Once you’ve established relationships, maintain them by keeping up engagement and serving as a resource for reporters. Cision’s HARO (Help A Reporter Out) is a great place to start. Register as a HARO expert source for journalists and you’ll not only build relationships with journalists who need experts, but also get your expertise covered in the media.
Your pitching is a #PRfail
For some of you this may come as a bit of a surprise, but journalists dread your pitch emails. There is quite literally a hashtag (#PRfail) dedicated to journalist stories about terrible, inconsiderate, and untimely pitches from PR professionals. All too often companies pitch journalists lengthy, impersonal sales emails or in relation to a topic that the journalist has already written about in the past. Or worse, they get pitched a topic that they don’t even cover!
Do your research and make sure your tech startup is relevant to that journalist and their target audience. Triple check that the story you’re pitching hasn’t already been covered. If it has, then find a way to give it a slightly fresher perspective to see if you can get the journalist to bite. Otherwise, you’re just taking up valuable space in the journalist’s inbox.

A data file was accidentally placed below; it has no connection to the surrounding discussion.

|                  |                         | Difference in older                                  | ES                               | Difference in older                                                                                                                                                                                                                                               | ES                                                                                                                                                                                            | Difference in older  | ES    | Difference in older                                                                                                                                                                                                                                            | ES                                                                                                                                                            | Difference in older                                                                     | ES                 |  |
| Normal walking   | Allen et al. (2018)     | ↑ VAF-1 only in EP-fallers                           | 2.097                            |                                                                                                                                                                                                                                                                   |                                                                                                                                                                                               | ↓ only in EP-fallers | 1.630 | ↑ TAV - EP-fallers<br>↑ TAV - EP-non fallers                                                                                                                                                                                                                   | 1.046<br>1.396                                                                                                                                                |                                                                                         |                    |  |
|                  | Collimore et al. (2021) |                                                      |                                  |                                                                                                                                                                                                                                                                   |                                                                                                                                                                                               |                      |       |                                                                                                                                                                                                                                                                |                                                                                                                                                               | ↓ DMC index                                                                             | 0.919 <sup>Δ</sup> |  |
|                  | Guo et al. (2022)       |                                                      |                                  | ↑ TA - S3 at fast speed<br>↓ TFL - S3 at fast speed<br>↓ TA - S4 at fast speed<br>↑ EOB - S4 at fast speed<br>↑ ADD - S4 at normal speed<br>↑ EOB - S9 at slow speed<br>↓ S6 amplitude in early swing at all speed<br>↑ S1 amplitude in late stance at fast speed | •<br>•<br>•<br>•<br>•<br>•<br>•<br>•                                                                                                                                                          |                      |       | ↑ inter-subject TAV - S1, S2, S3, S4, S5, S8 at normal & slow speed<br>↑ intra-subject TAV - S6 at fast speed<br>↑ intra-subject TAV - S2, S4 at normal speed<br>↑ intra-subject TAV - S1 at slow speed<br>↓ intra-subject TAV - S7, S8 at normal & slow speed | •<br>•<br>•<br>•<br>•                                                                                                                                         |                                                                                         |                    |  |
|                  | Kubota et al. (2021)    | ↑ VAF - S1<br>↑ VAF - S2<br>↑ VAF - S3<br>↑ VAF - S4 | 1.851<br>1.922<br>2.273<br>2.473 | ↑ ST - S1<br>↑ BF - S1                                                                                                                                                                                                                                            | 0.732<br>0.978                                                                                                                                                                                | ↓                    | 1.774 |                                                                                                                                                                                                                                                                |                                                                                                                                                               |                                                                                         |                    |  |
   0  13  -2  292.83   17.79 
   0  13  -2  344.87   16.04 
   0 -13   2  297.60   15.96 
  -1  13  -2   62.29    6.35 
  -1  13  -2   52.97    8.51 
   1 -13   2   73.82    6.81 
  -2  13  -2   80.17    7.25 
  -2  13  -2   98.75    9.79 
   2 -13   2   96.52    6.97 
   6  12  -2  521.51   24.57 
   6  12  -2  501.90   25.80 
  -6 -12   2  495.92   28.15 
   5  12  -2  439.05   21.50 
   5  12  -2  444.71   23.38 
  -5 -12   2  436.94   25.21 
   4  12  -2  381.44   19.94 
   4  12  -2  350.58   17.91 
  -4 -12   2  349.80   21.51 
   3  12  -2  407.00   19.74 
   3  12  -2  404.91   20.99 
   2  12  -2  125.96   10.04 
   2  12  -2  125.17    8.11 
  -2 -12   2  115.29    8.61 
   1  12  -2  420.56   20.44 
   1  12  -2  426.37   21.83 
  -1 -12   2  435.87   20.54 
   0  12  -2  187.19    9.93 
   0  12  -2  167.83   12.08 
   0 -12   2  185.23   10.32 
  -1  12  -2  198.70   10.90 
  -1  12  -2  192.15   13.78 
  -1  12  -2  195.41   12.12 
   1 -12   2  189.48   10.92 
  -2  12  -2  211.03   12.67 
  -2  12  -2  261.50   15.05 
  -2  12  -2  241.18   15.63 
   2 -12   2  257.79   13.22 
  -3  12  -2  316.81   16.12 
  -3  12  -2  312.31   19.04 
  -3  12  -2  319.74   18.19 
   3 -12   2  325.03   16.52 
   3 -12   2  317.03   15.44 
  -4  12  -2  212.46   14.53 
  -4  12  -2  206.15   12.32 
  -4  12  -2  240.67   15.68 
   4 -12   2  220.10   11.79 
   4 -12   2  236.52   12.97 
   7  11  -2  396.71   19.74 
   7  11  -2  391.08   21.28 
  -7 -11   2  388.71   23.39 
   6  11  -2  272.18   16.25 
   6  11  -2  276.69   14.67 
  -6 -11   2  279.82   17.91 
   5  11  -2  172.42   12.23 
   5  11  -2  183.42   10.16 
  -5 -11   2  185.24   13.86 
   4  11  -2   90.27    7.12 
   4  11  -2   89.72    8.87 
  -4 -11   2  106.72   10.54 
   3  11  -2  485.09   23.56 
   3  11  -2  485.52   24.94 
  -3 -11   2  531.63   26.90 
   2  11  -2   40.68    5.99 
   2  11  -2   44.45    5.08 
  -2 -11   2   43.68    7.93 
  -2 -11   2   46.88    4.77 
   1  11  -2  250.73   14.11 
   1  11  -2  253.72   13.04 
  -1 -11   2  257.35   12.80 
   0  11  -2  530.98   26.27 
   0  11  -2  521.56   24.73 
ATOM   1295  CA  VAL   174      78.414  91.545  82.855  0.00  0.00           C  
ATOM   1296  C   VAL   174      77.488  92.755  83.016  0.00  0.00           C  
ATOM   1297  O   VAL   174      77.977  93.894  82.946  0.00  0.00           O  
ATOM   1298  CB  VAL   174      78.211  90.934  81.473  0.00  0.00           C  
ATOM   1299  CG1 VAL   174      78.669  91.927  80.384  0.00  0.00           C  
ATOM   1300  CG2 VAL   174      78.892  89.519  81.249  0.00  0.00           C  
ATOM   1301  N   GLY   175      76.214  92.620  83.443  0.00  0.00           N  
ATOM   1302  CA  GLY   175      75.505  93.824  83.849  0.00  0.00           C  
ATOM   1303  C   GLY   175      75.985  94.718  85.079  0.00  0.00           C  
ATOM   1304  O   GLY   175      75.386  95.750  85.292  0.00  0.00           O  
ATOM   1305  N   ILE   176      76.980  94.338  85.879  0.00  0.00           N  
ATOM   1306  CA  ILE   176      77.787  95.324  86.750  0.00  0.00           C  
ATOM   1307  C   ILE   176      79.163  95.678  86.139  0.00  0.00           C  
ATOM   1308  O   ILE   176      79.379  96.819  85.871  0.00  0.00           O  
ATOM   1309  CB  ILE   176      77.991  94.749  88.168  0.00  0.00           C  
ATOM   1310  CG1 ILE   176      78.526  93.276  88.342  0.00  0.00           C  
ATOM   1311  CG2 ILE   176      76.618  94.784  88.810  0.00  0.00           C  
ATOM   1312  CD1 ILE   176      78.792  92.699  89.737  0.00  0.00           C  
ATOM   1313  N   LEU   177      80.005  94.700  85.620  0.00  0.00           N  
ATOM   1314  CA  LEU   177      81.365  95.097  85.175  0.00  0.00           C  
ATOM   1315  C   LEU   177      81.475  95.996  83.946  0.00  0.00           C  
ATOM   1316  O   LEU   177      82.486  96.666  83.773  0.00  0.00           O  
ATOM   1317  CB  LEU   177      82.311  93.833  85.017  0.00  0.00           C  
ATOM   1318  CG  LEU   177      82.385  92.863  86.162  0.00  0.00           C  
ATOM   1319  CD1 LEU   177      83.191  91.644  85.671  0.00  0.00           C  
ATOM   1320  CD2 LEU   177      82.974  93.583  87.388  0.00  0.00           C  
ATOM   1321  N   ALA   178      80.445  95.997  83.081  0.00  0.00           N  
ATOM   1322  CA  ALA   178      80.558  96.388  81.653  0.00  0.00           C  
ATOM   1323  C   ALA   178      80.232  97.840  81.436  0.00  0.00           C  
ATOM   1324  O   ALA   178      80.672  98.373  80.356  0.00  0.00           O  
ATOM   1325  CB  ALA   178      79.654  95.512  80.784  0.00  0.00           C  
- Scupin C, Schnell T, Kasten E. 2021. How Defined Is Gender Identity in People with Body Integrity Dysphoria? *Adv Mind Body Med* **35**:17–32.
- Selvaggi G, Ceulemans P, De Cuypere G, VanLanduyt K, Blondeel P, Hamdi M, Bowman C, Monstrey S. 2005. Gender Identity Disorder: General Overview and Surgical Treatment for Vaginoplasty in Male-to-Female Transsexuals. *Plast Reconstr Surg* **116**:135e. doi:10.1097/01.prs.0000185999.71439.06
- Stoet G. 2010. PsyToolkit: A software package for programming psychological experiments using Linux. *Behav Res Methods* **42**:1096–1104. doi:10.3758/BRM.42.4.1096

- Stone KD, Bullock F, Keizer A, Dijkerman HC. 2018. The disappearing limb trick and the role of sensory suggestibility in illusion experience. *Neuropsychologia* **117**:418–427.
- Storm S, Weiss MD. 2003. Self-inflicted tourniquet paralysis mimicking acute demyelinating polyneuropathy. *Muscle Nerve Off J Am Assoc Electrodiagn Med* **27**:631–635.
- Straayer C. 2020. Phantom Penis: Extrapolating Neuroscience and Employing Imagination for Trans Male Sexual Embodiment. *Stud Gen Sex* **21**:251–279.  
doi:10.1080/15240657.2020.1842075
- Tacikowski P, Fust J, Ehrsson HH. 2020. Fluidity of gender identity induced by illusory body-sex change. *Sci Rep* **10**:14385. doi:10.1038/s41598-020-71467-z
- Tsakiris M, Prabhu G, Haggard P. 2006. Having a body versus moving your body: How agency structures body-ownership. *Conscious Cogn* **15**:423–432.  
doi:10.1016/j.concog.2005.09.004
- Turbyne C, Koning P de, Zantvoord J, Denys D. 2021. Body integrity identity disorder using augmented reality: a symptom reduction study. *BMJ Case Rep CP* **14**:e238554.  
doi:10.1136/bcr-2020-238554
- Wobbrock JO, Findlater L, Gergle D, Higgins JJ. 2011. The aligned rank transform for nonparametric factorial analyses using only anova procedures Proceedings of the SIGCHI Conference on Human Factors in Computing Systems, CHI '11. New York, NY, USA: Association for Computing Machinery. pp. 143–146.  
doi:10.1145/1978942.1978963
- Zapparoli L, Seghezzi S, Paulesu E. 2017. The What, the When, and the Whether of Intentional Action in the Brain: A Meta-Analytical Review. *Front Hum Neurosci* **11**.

You can’t just ask for press attention, you need to justify it. Show them, concisely, why you stand out. And please, avoid terrible tie-ins like these at all costs.
You’re not newsjacking or you’re just not doing it well
Newsjacking allows companies to take advantage of breaking news by tying their ideas to a news event. In this way, your company can piggyback off of the popularity or excitement around an already existing news story. This requires thinking on your feet and being able to successfully relate your company to what is breaking, but the pay off can be major. During breaking news, journalists want to publish fresh takes on what just happened. If your business shares ideas right after major news breaks, you’ll be more likely to receive attention as public excitement grows and be considered a reputable source as interest continues.
You aren’t considering free content
Startups can benefit from playing the long-game in terms of media coverage. This means creating high quality, free content or sharing data analyses to the public. If your content is useful, on-trend, and shareable it will be shared, and the more it’s shared the more likely your company is to gain media attention. Free content also positions your company as a thought leader, strengthens reputability, and increases the likelihood of backlinking and press coverage. Starting off with free articles, infographics, and data tools not only shows the media that you know your stuff but it gives you content to pitch them down the road.
About Mary Jenkins: Mary is a marketing and communications intern for Swyft, which has been listed as one of the best PR firms in Austin and a top digital marketing agency in Denver since its founding in 2011. Swyft has satellite offices where it offers PR in San Francisco and Houston.